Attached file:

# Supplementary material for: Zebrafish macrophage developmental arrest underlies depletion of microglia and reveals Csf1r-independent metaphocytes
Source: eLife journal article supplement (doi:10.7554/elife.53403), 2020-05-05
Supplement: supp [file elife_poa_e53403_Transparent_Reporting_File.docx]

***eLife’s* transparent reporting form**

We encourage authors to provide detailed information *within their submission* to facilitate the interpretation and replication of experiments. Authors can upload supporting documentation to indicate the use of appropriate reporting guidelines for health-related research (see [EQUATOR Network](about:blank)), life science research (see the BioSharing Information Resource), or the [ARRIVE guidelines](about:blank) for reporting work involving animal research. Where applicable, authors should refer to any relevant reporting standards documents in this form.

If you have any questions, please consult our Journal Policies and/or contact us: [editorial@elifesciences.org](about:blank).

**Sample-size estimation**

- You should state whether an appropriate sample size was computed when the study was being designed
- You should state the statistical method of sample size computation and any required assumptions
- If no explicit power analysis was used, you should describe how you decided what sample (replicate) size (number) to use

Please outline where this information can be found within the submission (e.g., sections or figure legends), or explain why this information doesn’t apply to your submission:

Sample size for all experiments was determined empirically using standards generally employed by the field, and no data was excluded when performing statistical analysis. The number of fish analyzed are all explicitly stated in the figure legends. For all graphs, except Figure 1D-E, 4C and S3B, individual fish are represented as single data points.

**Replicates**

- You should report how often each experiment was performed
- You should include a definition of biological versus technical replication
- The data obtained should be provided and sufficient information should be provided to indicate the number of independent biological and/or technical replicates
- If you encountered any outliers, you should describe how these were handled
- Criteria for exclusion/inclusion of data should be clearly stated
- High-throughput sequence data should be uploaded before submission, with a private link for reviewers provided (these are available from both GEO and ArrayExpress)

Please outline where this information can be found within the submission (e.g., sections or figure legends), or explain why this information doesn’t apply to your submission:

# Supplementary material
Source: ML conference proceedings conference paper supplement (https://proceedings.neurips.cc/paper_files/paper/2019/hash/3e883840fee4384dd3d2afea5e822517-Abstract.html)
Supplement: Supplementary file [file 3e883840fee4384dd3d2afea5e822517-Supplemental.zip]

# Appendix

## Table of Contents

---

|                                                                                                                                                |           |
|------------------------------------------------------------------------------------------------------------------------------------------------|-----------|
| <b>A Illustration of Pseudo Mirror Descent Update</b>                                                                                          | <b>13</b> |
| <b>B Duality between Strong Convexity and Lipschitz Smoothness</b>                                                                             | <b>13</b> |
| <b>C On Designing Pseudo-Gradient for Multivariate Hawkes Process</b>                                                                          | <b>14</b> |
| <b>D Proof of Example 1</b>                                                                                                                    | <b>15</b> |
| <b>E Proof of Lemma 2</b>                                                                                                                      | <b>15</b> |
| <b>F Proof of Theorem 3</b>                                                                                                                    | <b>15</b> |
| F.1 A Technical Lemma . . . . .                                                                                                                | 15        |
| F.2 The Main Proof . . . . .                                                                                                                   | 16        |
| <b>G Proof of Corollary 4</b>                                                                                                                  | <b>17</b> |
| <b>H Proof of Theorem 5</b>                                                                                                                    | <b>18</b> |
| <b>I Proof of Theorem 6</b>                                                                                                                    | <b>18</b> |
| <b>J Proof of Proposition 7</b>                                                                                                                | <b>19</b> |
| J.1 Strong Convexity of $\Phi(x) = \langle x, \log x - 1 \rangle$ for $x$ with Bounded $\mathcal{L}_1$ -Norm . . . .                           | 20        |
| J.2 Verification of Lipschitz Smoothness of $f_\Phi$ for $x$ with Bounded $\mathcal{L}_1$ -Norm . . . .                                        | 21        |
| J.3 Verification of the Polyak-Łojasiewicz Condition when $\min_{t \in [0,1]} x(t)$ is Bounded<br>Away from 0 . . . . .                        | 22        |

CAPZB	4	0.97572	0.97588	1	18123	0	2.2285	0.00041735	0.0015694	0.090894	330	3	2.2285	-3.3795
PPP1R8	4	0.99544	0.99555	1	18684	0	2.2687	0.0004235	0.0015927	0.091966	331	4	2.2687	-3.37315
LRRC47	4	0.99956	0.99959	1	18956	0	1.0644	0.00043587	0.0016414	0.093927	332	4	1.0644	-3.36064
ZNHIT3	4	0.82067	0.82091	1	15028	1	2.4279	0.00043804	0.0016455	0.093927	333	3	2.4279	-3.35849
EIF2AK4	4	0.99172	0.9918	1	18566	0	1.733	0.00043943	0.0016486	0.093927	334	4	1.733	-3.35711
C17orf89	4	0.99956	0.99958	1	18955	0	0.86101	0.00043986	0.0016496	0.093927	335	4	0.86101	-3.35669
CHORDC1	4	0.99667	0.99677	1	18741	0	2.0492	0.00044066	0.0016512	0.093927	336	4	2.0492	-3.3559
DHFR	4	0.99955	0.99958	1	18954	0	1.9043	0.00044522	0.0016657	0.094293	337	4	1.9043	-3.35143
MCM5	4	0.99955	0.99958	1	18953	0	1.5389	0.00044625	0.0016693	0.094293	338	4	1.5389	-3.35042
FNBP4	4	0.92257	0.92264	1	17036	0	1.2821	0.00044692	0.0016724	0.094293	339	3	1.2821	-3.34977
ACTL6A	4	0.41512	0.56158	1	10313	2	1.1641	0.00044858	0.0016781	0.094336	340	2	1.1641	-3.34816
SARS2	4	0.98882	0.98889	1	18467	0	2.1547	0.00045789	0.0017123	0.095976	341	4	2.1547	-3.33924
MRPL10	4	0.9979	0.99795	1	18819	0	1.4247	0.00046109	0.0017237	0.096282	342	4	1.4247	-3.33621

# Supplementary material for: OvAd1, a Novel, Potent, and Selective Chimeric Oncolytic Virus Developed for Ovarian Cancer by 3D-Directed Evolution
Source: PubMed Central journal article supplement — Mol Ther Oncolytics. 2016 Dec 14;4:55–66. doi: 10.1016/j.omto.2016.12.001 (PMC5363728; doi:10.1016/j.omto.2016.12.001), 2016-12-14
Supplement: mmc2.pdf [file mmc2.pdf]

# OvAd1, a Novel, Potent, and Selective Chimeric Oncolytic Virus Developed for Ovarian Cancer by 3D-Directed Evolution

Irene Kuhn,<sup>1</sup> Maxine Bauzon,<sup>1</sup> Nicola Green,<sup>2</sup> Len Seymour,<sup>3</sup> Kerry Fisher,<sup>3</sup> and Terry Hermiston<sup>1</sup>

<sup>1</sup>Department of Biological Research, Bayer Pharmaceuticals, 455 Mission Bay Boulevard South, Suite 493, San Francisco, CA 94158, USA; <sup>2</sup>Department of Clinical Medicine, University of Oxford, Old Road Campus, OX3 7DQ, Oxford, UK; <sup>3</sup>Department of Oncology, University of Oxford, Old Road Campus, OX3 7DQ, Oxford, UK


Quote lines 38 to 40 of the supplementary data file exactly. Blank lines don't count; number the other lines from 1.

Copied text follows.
| <b>H Proof of Theorem 5</b>                                                                                                                    | <b>18</b> |
| <b>I Proof of Theorem 6</b>                                                                                                                    | <b>18</b> |
| <b>J Proof of Proposition 7</b>                                                                                                                | <b>19</b> |